The Ebola outbreak across West Africa between 2013 and 2014 was devasting taking more than 11,000 lives in three countries. And yet, it could have been so much worse but for the heroic actions of Nigerian doctor, Ameyo Stella Adadevoh.
With the viral outbreak already taking hold across West Africa in Sierra Leone, Guinea and Liberia, the threat of a devastating outbreak loomed large in Nigeria—by far the region’s largest country. And it nearly proved to be the case but for Dr. Adadevoh’s selflessness. As part of the team that diagnosed, quarantined and treated Nigeria’s first Ebola patient in Lagos, Dr. Adadevoh helped contain what could have proved a deadly outbreak in Nigeria’s densely populated commercial center. Ultimately, it came at the cost of her life.
As African countries appear at risk of another viral outbreak with COVID-19 (as the particular coronavirus strain in China is now known), effective containment this time around will likely require more than valiant heroics. The World Health Organization and other regional and country public health experts are very worried the “fragile” health systems in most African countries will be unable to cope if coronavirus takes hold on the continent. Even China with its larger pool of technical and financial resources, appears to be struggling to contain the virus.
With nearly 5,000 African students studying in Hubei province where Wuhan is ground zero for the deadly virus and many more Africans living across China the continent’s risk of an outbreak is very real.
Yet, in dealing with a potential COVID-19 outbreak on the continent, the African countries most recently affected by a previous viral pandemic will be leaning heavily on the past to address the present.
The legacy of Ebola
More than 11,000 people died in Liberia, Guinea, and Sierra Leone alone during the 2014 Ebola outbreak. And the cost of the outbreak was also counted in economic terms with losses of roughly $1.6 billion. But in its wake, Ebola also left affected countries with increased knowledge bases of how to handle viral outbreaks.
“Our preparedness is based on the system we built after Ebola,” says Dr. Mosoka Fallah, acting lead of Liberia’s National Public Health Institute. “The national institute that’s now leading preparedness for coronavirus did not exist before Ebola,” he says. “The skill did not exist before, the knowledge did not exist before, the manpower did not exist before and the infrastructure did not exist before.”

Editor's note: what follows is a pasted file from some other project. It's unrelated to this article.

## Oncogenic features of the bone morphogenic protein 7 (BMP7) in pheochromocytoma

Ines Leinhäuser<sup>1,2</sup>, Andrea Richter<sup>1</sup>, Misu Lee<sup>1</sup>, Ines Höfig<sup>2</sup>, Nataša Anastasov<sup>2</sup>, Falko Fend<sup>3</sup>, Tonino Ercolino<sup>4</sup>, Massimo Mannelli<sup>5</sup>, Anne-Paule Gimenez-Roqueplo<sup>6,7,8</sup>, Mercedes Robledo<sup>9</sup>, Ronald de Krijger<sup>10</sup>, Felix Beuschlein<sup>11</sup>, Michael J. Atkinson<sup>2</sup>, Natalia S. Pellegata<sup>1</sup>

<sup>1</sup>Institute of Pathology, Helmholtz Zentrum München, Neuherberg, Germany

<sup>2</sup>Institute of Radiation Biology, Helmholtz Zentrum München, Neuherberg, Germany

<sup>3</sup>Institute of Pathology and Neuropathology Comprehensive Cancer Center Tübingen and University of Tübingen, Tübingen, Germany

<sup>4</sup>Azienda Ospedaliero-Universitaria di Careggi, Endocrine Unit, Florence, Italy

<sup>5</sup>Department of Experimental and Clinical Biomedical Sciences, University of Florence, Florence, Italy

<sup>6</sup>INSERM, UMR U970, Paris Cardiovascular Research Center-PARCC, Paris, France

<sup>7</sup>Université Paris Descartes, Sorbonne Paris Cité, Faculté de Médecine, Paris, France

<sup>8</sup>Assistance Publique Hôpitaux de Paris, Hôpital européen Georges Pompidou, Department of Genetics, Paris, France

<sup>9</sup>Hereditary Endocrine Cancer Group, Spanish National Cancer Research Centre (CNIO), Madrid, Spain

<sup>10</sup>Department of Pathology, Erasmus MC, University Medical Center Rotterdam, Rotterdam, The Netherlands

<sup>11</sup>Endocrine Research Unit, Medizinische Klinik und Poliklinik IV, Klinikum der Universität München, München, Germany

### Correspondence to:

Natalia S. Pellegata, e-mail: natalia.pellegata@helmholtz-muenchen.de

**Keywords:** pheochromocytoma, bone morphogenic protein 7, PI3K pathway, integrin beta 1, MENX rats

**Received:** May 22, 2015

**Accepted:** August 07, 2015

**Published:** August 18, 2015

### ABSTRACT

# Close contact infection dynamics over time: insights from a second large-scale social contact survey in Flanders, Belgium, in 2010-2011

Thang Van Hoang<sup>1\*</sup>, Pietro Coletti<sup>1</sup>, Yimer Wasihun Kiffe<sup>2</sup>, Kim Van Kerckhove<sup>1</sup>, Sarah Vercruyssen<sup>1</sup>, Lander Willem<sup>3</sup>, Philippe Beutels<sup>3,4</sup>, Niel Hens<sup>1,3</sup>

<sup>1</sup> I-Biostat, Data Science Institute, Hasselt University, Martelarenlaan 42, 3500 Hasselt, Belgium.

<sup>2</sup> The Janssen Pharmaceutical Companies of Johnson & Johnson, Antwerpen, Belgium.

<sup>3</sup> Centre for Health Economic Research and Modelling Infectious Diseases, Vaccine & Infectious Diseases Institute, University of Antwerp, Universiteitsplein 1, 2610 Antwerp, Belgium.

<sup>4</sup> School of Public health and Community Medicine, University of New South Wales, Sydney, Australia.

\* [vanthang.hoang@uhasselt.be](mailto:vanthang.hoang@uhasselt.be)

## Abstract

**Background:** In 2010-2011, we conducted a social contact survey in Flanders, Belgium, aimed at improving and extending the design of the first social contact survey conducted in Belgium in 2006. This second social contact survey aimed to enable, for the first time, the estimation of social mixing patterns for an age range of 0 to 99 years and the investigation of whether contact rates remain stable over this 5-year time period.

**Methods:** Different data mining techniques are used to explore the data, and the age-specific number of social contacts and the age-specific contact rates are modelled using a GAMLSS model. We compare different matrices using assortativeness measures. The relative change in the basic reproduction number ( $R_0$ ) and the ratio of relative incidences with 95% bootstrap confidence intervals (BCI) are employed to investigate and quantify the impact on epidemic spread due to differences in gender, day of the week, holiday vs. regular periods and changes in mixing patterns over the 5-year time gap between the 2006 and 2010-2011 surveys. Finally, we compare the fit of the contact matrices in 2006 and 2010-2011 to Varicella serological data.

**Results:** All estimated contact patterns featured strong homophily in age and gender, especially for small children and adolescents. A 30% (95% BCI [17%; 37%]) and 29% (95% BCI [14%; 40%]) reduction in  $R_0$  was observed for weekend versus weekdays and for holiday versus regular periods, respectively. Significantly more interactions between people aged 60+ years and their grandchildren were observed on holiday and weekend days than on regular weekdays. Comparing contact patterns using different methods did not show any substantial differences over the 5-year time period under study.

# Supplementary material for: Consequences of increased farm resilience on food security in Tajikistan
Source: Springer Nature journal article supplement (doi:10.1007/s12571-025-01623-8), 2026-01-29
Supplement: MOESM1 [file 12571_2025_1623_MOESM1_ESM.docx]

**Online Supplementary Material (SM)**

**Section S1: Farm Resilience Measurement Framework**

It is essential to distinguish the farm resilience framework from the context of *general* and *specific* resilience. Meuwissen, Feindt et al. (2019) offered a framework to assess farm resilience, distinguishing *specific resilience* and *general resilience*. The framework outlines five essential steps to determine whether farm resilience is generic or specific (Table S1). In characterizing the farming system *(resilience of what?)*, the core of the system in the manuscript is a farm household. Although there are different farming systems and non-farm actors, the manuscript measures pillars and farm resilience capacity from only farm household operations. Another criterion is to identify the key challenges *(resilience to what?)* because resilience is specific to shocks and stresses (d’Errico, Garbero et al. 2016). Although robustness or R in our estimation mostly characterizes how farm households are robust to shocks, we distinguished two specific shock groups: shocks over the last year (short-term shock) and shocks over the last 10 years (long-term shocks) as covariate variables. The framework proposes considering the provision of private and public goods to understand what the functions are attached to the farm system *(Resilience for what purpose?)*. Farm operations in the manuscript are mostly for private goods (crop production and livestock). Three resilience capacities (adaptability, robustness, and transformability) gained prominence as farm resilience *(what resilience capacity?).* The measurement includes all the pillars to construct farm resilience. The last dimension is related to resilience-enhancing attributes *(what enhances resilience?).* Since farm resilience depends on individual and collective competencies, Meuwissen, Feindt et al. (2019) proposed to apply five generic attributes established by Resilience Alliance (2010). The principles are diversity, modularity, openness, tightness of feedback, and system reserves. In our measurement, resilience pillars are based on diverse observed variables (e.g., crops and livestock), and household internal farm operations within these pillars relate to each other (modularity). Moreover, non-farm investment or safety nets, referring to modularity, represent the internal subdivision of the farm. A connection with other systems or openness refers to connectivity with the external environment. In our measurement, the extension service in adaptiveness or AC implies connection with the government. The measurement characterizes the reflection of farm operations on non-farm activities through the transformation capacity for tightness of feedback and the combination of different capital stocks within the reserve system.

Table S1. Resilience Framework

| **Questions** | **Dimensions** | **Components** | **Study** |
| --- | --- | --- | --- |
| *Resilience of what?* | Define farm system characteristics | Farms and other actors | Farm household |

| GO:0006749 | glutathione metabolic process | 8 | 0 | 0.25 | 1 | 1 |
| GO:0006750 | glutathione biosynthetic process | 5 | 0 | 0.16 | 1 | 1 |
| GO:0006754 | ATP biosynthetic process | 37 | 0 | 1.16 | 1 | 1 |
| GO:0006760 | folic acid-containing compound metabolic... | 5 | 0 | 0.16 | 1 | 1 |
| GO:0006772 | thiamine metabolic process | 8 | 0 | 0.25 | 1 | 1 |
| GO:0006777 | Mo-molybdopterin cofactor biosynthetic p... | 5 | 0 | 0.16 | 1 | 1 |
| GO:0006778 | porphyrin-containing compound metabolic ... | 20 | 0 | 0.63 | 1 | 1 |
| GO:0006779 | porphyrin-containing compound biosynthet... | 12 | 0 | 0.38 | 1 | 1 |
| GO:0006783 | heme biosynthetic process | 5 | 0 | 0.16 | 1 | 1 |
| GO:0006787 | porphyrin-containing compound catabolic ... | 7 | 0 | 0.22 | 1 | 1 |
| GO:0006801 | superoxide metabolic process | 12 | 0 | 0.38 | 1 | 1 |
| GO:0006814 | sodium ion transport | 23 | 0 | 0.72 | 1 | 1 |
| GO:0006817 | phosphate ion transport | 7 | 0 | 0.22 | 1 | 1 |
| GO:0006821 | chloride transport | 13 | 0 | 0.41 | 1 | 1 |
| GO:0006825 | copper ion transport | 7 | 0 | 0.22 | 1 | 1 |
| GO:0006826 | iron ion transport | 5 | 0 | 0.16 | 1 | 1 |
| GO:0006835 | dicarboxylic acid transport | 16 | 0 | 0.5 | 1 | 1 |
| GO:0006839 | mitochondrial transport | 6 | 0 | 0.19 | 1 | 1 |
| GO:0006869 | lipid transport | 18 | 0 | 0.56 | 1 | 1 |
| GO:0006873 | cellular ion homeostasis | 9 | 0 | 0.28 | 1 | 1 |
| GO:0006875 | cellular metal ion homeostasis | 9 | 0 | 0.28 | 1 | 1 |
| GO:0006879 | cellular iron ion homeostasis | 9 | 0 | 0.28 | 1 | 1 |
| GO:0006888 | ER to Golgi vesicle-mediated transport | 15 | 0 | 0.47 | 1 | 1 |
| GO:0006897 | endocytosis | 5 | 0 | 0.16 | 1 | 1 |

The aftermath of Ebola now means West African countries including Senegal, Liberia, Sierra Leone, Cote d’Ivoire and Nigeria currently rank as better prepared for COVID-19 than richer countries with more sophisticated health systems, says Gyude Moore, fellow at Center for Global Development in Washington D.C and former minister for public works in Liberia.
Compared to 2014, there are already far more African countries capable of testing and diagnosing COVID-19 samples. Last week, the number of laboratories in Africa able to test samples of the virus had tripled with Ghana, Madagascar, Nigeria and Sierra Leone joining a short list that previously only included Senegal and South Africa. For its part, Fallah says while Liberia still awaits chemical testing components for its lab, it already has the infrastructure in place to test COVID-19 samples. It’s a crucial step in preparedness given the importance of early detection and monitoring during viral outbreaks.
Having tested health surveillance and tracking systems is also key. Nigeria’s wider health system has also stepped up in tracking persons believed to have come in contact with any viral outbreak’s patient zero thanks to the country’s Centre for Disease Control’s (CDC) established network for dealing with diseases like Lassa fever, yellow fever and polio, says Dr. Mcginger Ibeneme, unit head for Lassa fever at the Nnamdi Azikwe University teaching hospital in Nnewi, southeast Nigeria. “We were able to actively trace every contact as soon it was reported,” Ibeneme says of the Ebola crisis six years ago. “There was no magic, it’s not like we had a cure at the time but there a structure for surveillance in all the Nigerian states.”
While infrastructure, medication and know-how are vital in dealing with pandemics, they only remain a part of the solution. As the Ebola outbreak proved, health systems and workers will invariably also rely on getting locals to adopt simple but crucial behavioral changes, including consistent hand washing and ditching self-medication practices.